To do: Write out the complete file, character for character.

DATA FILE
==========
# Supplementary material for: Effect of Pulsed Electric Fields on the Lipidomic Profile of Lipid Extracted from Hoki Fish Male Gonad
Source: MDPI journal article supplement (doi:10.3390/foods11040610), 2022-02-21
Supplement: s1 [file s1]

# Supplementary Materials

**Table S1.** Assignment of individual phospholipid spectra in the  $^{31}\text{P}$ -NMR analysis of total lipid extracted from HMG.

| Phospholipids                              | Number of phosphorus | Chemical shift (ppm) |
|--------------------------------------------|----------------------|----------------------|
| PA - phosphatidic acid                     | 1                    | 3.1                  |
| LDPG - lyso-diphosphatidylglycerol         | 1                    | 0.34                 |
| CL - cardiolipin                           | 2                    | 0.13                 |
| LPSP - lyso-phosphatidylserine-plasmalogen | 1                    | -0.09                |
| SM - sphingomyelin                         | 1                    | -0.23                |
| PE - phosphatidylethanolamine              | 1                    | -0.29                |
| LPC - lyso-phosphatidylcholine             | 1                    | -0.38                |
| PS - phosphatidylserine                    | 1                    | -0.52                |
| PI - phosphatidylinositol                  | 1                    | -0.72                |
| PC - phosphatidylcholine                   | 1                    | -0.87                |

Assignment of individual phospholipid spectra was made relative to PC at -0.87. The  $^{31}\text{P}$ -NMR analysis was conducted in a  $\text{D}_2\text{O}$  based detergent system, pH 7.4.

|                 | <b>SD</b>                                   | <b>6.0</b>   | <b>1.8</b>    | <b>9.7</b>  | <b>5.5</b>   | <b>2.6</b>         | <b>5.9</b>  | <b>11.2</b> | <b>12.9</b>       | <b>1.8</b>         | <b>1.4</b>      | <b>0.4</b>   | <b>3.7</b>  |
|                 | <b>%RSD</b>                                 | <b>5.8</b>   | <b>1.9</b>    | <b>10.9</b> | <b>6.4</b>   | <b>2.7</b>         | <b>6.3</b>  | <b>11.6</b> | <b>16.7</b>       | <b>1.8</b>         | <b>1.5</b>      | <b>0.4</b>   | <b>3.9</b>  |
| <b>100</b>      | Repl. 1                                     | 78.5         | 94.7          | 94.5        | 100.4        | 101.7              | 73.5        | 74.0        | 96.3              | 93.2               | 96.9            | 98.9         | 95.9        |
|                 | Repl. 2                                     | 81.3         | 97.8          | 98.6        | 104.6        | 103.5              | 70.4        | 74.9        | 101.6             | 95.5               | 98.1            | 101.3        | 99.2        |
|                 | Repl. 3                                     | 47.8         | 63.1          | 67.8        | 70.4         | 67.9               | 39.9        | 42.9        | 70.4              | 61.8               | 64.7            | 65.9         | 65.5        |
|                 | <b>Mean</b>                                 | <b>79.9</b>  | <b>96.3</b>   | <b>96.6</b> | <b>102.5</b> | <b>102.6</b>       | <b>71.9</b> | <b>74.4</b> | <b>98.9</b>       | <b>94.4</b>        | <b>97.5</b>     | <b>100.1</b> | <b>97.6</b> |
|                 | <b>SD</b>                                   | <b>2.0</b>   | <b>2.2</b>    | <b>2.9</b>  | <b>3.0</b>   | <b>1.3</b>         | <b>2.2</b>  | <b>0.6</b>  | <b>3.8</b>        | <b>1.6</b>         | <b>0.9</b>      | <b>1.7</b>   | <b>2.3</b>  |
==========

# Supplementary material for: Effect of Pulsed Electric Fields on the Lipidomic Profile of Lipid Extracted from Hoki Fish Male Gonad
Source: MDPI journal article supplement (doi:10.3390/foods11040610), 2022-02-21
Supplement: s1 [file s1]

# Supplementary Materials

**Table S1.** Assignment of individual phospholipid spectra in the  $^{31}\text{P}$ -NMR analysis of total lipid extracted from HMG.

| Phospholipids                              | Number of phosphorus | Chemical shift (ppm) |
|--------------------------------------------|----------------------|----------------------|
| PA - phosphatidic acid                     | 1                    | 3.1                  |
| LDPG - lyso-diphosphatidylglycerol         | 1                    | 0.34                 |
| CL - cardiolipin                           | 2                    | 0.13                 |
| LPSP - lyso-phosphatidylserine-plasmalogen | 1                    | -0.09                |
| SM - sphingomyelin                         | 1                    | -0.23                |
| PE - phosphatidylethanolamine              | 1                    | -0.29                |
| LPC - lyso-phosphatidylcholine             | 1                    | -0.38                |
| PS - phosphatidylserine                    | 1                    | -0.52                |
| PI - phosphatidylinositol                  | 1                    | -0.72                |
| PC - phosphatidylcholine                   | 1                    | -0.87                |

Assignment of individual phospholipid spectra was made relative to PC at -0.87. The  $^{31}\text{P}$ -NMR analysis was conducted in a  $\text{D}_2\text{O}$  based detergent system, pH 7.4.

|                 | <b>SD</b>                                   | <b>6.0</b>   | <b>1.8</b>    | <b>9.7</b>  | <b>5.5</b>   | <b>2.6</b>         | <b>5.9</b>  | <b>11.2</b> | <b>12.9</b>       | <b>1.8</b>         | <b>1.4</b>      | <b>0.4</b>   | <b>3.7</b>  |
|                 | <b>%RSD</b>                                 | <b>5.8</b>   | <b>1.9</b>    | <b>10.9</b> | <b>6.4</b>   | <b>2.7</b>         | <b>6.3</b>  | <b>11.6</b> | <b>16.7</b>       | <b>1.8</b>         | <b>1.5</b>      | <b>0.4</b>   | <b>3.9</b>  |
| <b>100</b>      | Repl. 1                                     | 78.5         | 94.7          | 94.5        | 100.4        | 101.7              | 73.5        | 74.0        | 96.3              | 93.2               | 96.9            | 98.9         | 95.9        |
|                 | Repl. 2                                     | 81.3         | 97.8          | 98.6        | 104.6        | 103.5              | 70.4        | 74.9        | 101.6             | 95.5               | 98.1            | 101.3        | 99.2        |
|                 | Repl. 3                                     | 47.8         | 63.1          | 67.8        | 70.4         | 67.9               | 39.9        | 42.9        | 70.4              | 61.8               | 64.7            | 65.9         | 65.5        |
|                 | <b>Mean</b>                                 | <b>79.9</b>  | <b>96.3</b>   | <b>96.6</b> | <b>102.5</b> | <b>102.6</b>       | <b>71.9</b> | <b>74.4</b> | <b>98.9</b>       | <b>94.4</b>        | <b>97.5</b>     | <b>100.1</b> | <b>97.6</b> |
|                 | <b>SD</b>                                   | <b>2.0</b>   | <b>2.2</b>    | <b>2.9</b>  | <b>3.0</b>   | <b>1.3</b>         | <b>2.2</b>  | <b>0.6</b>  | <b>3.8</b>        | <b>1.6</b>         | <b>0.9</b>      | <b>1.7</b>   | <b>2.3</b>  |